Computing That Serves

Challenges in Autonomous Flight


Thursday, September 14, 2017 - 11:00am


Sebastian Scherer


Randy Beard

Colloquium presented by Sebastian Scherer, Systems Scientist at Carnegie Mellon University
Thursday, September 14, 2017 at 11:00 A.M.
Location: 1170 TMCB

Autonomy holds a great promise by improving the applications, safety, and efficiency of flight. If little operator input is necessary, unmanned rotorcraft have a wide range of applications ranging from cargo delivery to inspec- tion. While great capabilities have been shown there exists a gap between nominal flight and reaching levels that can replace a pilot. A capable autonomous rotorcraft will have to react quickly to previously unknown obstacles, land at unprepared sites, handle emergencies and fly with semantic information to enable long-term autonomy in cluttered environments. In this talk we present how pushing the performance and safety of these systems requires us to develop novel approaches in perception and motion planning.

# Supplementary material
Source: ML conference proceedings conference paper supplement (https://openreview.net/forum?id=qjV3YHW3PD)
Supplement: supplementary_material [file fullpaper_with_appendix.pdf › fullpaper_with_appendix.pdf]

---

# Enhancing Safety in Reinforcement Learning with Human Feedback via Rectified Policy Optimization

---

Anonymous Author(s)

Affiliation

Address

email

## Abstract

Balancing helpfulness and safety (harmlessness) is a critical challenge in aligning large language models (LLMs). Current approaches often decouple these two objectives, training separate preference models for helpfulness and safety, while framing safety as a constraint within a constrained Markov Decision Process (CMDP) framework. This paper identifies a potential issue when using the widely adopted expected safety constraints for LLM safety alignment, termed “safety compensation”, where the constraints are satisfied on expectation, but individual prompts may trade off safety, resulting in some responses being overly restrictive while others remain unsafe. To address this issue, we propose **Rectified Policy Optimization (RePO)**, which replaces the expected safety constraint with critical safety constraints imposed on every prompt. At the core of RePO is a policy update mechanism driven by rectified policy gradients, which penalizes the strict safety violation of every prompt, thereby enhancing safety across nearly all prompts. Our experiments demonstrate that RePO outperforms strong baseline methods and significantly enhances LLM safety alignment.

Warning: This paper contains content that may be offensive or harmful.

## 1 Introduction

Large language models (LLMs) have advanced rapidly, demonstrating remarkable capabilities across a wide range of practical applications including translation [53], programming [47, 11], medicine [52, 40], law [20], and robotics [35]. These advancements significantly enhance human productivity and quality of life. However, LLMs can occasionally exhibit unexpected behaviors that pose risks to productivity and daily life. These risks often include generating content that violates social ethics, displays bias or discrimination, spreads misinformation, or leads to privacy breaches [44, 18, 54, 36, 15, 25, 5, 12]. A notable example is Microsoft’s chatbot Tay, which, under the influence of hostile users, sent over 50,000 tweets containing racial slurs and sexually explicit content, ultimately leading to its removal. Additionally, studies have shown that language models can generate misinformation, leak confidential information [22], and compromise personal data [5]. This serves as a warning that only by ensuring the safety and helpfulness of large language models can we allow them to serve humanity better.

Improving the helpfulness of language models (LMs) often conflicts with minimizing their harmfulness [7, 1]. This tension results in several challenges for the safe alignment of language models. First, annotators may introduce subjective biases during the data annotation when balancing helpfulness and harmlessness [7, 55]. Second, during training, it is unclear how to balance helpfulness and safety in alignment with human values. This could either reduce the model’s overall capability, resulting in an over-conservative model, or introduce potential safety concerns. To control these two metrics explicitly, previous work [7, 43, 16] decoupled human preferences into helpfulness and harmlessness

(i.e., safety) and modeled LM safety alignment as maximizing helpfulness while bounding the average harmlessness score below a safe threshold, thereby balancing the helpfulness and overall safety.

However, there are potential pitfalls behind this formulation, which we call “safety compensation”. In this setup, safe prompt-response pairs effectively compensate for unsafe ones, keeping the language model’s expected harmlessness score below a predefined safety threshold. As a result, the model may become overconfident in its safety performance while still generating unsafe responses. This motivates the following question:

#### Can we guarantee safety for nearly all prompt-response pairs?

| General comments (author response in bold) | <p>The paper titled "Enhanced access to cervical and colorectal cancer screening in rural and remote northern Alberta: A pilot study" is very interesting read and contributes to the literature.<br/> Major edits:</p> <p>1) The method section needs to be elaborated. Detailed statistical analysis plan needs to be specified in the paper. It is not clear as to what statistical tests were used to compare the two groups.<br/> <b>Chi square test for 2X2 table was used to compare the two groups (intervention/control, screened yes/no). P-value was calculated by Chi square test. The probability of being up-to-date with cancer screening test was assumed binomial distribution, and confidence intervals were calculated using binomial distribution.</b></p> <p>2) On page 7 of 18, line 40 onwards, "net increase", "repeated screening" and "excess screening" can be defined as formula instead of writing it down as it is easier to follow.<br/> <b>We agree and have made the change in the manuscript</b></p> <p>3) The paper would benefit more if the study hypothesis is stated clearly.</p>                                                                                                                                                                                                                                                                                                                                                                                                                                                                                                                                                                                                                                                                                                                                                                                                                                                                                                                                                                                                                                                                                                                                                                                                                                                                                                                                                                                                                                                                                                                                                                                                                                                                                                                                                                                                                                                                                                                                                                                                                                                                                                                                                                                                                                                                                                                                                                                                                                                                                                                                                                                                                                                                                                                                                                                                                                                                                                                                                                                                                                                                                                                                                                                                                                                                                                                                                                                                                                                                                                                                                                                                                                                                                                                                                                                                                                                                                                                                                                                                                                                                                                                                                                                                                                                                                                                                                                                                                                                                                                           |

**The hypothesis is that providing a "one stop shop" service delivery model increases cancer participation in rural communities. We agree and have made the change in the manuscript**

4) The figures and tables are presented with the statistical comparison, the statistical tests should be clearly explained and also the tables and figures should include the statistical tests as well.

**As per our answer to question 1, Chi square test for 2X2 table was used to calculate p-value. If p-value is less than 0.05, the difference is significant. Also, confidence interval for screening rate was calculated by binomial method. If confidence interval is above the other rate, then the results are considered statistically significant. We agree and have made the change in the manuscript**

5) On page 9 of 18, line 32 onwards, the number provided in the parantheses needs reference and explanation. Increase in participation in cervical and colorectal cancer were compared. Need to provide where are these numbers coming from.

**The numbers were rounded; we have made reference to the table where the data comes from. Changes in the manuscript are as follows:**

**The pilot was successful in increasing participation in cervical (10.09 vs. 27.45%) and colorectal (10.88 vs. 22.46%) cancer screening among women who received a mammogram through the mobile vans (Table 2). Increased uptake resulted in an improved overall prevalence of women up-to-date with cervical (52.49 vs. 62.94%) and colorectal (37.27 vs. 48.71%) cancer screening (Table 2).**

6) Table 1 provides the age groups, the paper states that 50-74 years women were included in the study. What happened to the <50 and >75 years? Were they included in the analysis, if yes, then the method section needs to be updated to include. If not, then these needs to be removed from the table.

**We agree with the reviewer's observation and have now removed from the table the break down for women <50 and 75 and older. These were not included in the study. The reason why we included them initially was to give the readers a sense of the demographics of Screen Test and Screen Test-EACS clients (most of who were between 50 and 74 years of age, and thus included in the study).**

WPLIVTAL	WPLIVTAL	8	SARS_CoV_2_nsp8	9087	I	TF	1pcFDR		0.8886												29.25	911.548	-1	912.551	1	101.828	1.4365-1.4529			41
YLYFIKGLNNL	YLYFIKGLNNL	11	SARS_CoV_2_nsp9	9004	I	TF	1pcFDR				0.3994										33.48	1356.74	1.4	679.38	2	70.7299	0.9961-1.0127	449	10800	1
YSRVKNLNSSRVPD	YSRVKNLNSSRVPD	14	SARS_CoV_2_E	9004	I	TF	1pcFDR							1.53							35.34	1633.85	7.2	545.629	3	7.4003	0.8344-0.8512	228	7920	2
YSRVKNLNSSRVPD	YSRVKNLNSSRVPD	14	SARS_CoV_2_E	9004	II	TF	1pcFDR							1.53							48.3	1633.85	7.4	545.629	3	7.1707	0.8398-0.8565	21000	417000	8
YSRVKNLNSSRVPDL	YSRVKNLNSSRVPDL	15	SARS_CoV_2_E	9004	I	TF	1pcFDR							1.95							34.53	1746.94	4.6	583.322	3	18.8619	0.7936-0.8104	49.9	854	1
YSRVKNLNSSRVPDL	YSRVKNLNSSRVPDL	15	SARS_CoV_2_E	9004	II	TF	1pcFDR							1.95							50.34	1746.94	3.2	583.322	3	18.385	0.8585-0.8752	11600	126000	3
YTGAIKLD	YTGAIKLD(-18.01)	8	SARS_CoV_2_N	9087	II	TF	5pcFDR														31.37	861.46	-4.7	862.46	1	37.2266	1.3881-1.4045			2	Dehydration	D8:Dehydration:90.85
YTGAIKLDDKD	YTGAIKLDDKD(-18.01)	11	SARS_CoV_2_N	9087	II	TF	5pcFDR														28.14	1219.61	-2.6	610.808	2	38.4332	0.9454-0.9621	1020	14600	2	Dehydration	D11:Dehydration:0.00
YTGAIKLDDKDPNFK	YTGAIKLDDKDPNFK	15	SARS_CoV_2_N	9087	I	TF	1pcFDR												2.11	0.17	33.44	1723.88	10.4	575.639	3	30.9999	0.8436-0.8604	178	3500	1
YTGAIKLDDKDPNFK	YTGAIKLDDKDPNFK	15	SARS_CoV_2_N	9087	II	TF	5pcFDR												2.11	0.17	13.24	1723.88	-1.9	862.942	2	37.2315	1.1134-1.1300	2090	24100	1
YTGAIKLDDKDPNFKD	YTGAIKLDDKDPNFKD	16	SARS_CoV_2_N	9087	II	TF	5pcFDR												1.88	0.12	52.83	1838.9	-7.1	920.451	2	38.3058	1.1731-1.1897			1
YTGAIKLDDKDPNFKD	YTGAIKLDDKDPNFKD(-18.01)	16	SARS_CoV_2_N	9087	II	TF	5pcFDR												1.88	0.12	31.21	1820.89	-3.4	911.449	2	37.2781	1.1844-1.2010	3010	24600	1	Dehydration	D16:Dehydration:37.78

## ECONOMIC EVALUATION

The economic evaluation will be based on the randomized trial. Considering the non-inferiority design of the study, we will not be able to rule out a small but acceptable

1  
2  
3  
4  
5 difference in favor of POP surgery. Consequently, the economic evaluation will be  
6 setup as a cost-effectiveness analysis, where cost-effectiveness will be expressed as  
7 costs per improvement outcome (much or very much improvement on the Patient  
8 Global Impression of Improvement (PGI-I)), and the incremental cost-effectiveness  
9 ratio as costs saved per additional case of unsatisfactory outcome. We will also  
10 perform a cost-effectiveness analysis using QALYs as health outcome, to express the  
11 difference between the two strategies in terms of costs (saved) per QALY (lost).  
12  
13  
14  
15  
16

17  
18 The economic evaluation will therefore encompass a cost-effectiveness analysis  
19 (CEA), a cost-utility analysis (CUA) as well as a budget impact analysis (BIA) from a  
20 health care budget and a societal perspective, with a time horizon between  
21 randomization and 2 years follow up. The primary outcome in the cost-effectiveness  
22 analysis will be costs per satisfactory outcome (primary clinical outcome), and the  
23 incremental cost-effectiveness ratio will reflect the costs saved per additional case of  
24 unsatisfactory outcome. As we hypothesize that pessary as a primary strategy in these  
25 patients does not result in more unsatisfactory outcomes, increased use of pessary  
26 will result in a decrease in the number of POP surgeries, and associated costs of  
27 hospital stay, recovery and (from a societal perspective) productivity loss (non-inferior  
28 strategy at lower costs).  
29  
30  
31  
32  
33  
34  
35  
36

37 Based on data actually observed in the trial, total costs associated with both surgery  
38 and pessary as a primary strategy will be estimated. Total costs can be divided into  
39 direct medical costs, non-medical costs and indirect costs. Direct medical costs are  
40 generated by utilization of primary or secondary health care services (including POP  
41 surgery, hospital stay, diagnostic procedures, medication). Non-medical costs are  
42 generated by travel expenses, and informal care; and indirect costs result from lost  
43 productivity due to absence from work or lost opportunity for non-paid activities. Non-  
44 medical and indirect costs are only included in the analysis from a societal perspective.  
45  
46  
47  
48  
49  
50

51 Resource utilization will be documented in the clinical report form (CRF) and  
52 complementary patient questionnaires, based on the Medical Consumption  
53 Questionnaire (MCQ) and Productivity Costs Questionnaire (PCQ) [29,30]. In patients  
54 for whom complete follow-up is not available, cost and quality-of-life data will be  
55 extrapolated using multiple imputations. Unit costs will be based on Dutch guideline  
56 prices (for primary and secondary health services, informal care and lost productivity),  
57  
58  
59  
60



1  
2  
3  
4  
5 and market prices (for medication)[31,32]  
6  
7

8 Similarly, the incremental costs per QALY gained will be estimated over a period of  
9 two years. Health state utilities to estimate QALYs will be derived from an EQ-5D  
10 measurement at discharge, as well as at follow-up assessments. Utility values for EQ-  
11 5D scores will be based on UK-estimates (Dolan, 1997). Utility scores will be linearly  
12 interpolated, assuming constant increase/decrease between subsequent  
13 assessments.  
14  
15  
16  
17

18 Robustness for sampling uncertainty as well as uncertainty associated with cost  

Sebastian Scherer is a Systems Scientist at Carnegie Mellon University. His research focuses on
enabling autonomy for unmanned rotorcraft to operate at low altitude in cluttered environments.
He and His team have shown the fastest and most tested obstacle avoidance on an Yamaha
RMax (2006), the first obstacle avoidance for micro aerial vehicles in natural environments
(2008), and the first (2010) and fastest (2014) automatic landing zone detection and landing on
a full-size helicopter. Dr. Scherer received his B.S. in Computer Science, M.S. and Ph.D. in
Robotics from CMU in 2004, 2007, and 2010. He is a Siebel scholar and a recipient of multiple
paper awards and nominations, including AIAA@Infotech 2010 and FSR 2013. His research
has been covered by the national and internal press including IEEE Spectrum, the New Scientist,
Wired, Financial Times, der Spiegel, and the WSJ. His work on self-landing helicopters has
received the Popular Science Best of What's New 2010 Award and in Fall 2016 he demonstrated
his inspection robots to President Obama.